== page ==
All modern humans were hunter-gatherers from 2,000,000 until 10,000 years ago, spending most of their time looking for food. Everyday activites were looking for berries and nuts, and hunting animals. Stone Age people moved from place to place looking for food, but they stayed in one place as long as there was food and water.
Eventually people learned to grow their own fruits and vegetables, which was the start of the agricultural revolution. People built small mud houses and began to tame and keep animals.
Over dinner last night, I was thinking about how much time I spend preparing my food and the change in our eating (and hunting patterns) that has occurred in the last 10,000 years.
The U.S. Department of Labor, Bureau of Labor Statistics’ American Time Use Survey (ATUS) collects information on how Americans spend their time—on paid work, household activities, child care, recreation, and numerous other activities. There is a eating and health section that is done, which contains questions on whether respondents ate or drank while engaged in other activities, such as driving or watching TV; general health, height, and weight; participation in the Supplemental Nutrition Assistance Program (formerly the Food Stamp Program); children’s consumption of meals obtained at day care, school, or summer programs; grocery shopping and meal preparation; and household income.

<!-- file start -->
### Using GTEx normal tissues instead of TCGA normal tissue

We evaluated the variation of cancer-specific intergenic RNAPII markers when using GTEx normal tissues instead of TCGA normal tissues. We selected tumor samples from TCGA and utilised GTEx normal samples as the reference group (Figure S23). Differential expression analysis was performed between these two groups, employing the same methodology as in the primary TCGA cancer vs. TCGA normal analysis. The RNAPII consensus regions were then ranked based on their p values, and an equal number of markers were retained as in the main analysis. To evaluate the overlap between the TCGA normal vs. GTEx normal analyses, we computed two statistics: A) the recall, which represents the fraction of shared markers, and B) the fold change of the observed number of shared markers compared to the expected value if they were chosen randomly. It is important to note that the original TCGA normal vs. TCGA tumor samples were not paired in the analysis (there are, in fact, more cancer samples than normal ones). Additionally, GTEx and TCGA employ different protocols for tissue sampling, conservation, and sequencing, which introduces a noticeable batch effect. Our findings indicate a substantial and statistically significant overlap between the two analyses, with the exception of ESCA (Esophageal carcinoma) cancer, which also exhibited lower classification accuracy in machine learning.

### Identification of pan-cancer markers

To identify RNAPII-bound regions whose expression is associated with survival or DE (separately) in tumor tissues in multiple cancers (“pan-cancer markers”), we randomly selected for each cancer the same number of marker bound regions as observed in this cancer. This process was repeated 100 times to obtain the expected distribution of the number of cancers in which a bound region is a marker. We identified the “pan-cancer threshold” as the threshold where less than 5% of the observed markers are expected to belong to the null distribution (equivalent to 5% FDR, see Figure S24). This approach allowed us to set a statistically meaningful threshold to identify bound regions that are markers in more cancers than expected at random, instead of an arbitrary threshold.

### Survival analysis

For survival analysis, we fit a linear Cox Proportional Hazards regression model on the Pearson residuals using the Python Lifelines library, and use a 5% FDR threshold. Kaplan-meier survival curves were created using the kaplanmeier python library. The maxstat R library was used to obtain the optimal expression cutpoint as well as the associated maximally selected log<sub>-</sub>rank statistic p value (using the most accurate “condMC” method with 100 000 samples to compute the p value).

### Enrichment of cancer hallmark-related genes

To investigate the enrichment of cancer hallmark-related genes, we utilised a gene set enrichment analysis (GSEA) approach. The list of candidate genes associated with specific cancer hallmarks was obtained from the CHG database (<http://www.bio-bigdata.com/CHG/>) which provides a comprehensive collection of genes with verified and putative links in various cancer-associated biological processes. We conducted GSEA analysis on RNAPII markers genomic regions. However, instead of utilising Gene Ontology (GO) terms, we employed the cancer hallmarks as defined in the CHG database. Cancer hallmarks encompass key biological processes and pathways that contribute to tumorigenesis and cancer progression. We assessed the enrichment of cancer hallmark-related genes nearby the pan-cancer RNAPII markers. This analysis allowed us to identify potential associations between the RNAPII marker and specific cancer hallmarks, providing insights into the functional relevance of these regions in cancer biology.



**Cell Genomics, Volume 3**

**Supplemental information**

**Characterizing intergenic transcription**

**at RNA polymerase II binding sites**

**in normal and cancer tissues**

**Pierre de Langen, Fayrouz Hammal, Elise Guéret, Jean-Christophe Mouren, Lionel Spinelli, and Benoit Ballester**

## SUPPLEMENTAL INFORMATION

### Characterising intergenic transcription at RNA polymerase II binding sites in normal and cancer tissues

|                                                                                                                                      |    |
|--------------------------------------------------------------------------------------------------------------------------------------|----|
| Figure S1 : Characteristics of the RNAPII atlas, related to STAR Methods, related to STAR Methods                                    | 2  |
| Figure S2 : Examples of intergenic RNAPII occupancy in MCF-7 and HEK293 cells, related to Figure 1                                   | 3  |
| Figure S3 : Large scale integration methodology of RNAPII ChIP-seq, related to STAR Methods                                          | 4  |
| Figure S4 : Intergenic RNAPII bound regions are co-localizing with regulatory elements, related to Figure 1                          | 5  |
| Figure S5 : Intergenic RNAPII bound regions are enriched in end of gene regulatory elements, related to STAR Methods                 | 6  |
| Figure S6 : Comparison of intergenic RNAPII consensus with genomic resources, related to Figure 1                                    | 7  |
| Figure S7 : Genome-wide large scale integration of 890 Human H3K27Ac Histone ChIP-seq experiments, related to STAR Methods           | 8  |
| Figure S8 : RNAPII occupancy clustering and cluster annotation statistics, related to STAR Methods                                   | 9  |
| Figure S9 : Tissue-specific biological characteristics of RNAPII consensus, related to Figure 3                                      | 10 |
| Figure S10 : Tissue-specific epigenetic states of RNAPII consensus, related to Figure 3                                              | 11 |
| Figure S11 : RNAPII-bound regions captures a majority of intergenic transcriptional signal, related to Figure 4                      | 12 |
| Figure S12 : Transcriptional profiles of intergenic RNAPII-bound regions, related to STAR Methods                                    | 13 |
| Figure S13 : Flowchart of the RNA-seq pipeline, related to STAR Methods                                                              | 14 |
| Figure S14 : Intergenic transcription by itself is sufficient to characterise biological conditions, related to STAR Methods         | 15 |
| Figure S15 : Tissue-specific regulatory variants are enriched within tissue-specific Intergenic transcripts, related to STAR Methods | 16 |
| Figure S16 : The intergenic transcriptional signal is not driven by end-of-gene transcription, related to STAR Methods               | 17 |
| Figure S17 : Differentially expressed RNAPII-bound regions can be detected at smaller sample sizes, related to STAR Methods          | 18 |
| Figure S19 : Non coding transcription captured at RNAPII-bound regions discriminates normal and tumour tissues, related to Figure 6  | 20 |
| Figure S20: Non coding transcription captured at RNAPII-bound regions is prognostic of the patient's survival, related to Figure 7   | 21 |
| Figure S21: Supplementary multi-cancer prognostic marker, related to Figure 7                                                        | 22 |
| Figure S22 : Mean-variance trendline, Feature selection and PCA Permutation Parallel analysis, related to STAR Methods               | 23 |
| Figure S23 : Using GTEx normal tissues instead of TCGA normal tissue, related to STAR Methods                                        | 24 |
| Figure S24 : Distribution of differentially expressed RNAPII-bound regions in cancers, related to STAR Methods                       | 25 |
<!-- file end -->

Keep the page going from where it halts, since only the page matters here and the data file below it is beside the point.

The results from the study in 2008 showed that on an average day in 2008, Americans age 15 and older spent 67 minutes eating and drinking as a “primary,” or main, activity, and 28 minutes eating and 81 minutes drinking (except plain water) as a secondary activity. A secondary activity is multitasking- where a person is —eating while engaged in another activity considered primary by the individual. Such as watching television, driving a car, working, etc.
With the agricultural revolution we have greatly adapted how we get our food and the way we live, but our bodies are still pretty similar to what it was 10,000 years ago. Today spend a lot less time working on getting food to eat and spend more time working and living our “modern way of life.”
There are still a few parts of the world that still hunt and gather food, and resist changing to our modern agricultural systems such as in Western Australia or in the Andaman Islands.
Since our ancestors spent so much time hunting our bodies developed the “human fight or flight response.” This is our response to stress – which in hunting would result aggressive, combative behavior or by fleeing potentially threatening situations. It is debatable if our stress level and if our fight or flight response is more active more or less today. It is proven athat we spend a lot less time worrying, getting, and preparing our food.